Tonight at yoga, the instructor said: "And, if you find yourself caught up in your thoughts, just thank your mind and gently move past." And she reminded us that this has been a practice, an exercise for a long long time in human history--this process of swirling about in thinking, and trying to quiet our minds. I most often think of getting "caught up" as the time when I will be able to sit and quiet myself. However, it's the constant state of being caught up in snake-eating-tail thinking that most often makes me feel as if I'm not fully on top of my world.
I've been laid to waste by my own thinking this past week, and finally had the opportunity to just laugh at myself (and not in a mean way), let go of the need to "figure things out" (in quotes because, honestly, who ever does?).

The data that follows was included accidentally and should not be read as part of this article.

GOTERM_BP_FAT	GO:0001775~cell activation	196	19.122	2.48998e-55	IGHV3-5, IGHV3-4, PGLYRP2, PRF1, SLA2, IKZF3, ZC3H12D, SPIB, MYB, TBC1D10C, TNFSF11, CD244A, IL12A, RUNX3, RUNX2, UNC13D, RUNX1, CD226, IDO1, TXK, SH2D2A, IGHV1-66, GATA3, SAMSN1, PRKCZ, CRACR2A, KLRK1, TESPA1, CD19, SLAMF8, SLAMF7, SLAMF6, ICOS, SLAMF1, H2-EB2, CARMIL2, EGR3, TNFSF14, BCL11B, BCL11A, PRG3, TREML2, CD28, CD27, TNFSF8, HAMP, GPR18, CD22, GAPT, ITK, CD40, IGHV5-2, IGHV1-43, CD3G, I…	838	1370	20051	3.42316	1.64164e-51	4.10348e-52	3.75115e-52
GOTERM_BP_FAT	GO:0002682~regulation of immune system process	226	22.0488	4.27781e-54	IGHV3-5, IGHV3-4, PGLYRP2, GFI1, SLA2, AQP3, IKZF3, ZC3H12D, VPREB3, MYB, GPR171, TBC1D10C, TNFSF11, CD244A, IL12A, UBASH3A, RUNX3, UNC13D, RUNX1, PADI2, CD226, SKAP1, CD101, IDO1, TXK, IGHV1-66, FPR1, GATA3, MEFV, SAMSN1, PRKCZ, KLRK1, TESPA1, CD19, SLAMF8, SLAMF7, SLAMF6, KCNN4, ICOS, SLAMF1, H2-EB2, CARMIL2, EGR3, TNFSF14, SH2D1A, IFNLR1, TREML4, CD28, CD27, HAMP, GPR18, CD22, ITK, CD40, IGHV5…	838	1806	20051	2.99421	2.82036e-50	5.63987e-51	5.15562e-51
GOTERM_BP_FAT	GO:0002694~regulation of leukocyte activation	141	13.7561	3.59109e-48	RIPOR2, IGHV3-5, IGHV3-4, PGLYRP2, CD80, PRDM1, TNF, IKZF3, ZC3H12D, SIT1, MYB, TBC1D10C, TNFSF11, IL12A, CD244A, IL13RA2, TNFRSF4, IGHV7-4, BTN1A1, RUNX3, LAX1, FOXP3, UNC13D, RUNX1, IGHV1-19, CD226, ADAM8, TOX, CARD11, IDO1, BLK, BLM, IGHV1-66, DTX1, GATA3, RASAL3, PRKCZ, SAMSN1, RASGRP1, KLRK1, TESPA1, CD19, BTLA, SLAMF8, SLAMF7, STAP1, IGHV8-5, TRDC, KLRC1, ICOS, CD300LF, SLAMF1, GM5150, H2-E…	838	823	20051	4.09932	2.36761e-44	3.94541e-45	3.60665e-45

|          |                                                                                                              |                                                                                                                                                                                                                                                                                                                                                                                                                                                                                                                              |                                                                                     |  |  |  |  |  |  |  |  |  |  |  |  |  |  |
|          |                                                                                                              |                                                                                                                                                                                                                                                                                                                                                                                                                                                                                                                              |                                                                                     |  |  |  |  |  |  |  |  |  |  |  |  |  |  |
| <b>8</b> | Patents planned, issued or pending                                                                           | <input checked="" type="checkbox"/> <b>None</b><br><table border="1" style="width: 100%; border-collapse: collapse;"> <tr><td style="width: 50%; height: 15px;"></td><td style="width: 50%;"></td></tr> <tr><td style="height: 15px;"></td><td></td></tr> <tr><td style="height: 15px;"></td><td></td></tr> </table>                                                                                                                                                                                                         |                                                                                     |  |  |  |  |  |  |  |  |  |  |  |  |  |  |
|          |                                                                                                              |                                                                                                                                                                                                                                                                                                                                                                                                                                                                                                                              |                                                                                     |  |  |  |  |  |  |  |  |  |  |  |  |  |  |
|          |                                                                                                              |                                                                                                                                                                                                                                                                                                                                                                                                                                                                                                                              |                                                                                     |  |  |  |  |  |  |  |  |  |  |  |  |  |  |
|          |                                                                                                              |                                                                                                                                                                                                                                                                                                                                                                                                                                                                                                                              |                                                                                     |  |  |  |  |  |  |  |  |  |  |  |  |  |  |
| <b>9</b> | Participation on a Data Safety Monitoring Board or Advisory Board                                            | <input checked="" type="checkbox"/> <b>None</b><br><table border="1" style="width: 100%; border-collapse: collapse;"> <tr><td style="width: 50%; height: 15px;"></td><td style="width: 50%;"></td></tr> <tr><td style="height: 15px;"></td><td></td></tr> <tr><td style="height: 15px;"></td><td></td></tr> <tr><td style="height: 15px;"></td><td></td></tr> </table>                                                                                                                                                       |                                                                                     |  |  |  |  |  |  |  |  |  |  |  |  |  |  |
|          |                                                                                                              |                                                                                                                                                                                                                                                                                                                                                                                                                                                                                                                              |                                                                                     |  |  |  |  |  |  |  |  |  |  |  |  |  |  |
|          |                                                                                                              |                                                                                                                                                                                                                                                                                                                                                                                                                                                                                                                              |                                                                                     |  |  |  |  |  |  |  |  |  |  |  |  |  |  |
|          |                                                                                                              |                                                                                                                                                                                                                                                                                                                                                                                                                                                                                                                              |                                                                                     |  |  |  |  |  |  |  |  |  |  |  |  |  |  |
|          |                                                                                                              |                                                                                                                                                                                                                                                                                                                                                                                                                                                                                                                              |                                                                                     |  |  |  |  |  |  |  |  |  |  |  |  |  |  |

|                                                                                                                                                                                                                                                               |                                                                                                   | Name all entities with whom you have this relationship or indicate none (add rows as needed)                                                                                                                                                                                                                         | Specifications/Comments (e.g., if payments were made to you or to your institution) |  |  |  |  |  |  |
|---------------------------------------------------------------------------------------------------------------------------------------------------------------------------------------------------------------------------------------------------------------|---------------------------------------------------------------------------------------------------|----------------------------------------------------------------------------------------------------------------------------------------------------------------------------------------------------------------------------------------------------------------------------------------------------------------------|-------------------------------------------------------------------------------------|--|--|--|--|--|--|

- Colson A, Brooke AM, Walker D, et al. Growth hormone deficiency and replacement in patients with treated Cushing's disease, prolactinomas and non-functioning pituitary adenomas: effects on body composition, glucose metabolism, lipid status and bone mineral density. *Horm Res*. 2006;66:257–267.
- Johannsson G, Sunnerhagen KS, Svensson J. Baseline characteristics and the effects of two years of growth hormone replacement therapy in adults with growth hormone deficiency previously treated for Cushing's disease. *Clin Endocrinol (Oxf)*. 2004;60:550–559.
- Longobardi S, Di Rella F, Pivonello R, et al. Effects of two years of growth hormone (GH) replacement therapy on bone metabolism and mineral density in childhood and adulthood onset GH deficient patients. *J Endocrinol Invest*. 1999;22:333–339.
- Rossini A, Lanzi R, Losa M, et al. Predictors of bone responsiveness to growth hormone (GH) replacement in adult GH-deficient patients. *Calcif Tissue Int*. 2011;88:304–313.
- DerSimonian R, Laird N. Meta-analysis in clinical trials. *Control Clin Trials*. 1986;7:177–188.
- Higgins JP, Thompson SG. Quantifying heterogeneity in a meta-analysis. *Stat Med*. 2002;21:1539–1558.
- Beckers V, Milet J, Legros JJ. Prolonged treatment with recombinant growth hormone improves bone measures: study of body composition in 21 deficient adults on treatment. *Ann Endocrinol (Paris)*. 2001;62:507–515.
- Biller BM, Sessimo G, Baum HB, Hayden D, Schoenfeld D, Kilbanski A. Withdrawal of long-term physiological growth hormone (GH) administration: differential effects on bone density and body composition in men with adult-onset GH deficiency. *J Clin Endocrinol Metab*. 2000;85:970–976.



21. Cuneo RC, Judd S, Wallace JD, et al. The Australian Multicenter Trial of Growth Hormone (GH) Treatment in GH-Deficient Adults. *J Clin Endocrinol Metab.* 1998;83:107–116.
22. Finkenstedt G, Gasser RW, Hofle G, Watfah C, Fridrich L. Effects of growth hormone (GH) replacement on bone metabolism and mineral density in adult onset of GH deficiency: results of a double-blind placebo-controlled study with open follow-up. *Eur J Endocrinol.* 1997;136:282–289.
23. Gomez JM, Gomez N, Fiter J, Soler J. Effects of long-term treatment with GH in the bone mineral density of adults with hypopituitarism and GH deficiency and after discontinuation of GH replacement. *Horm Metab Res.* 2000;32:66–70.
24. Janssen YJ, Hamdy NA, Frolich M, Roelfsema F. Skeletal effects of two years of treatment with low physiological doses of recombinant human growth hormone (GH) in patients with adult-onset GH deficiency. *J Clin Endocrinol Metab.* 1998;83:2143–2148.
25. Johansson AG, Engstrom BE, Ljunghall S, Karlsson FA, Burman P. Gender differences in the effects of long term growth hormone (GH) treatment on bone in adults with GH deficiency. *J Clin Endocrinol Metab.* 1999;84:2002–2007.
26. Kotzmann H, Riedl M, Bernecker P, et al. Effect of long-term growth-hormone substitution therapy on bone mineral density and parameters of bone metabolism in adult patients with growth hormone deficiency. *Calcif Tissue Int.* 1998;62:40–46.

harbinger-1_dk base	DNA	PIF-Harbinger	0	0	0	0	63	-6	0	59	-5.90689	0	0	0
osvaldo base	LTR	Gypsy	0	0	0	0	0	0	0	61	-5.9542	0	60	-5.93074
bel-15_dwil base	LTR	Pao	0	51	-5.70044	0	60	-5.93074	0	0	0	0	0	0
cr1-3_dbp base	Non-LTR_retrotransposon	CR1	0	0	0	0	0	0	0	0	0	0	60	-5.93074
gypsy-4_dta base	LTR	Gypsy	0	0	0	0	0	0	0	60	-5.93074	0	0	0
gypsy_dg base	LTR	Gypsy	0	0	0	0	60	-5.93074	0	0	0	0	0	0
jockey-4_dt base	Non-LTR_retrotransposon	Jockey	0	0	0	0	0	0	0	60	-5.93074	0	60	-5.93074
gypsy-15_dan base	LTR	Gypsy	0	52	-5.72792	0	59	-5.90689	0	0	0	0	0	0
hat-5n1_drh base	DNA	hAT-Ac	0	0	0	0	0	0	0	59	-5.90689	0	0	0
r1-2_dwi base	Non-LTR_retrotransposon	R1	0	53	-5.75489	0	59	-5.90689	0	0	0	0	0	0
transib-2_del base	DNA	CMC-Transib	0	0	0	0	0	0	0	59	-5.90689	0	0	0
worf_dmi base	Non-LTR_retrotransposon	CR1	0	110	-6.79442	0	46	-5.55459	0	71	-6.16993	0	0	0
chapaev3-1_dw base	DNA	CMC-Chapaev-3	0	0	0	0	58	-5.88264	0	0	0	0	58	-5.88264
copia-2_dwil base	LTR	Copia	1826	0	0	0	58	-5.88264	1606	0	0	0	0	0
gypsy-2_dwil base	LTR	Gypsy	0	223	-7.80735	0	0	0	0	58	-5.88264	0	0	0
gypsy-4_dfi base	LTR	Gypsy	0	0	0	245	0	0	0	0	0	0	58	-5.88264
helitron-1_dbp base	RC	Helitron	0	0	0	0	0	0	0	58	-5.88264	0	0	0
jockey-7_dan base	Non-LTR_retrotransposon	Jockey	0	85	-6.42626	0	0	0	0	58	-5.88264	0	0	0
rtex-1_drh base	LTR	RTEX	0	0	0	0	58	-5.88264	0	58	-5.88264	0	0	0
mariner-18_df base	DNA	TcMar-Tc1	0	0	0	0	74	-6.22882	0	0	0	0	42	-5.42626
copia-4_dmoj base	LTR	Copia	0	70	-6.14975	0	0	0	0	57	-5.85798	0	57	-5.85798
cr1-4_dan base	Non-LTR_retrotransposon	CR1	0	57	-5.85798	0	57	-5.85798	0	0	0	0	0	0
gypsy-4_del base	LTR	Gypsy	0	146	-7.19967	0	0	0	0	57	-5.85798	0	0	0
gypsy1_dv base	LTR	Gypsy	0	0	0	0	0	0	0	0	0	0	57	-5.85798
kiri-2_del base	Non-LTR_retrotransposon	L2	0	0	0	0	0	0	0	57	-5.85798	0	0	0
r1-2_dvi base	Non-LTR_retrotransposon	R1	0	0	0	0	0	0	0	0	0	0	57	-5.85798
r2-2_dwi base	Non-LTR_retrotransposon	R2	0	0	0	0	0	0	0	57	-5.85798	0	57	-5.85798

From The Art of the Novel by Milan Kundera: "There would seem to be nothing more obvious, more tangible and palpable than the present moment. And yet it eludes us completely. All the sadness of life lies in that fact." I'm inclined to agree. I have few present moments that cause me much sadness at this point. If I let my mind move backward in time or try to project forward, there is mourning and there is fear (or a desire to cloyingly attempt to control outcomes) and neither of these states have any bearing on who and where I am at this moment. Forever catching up.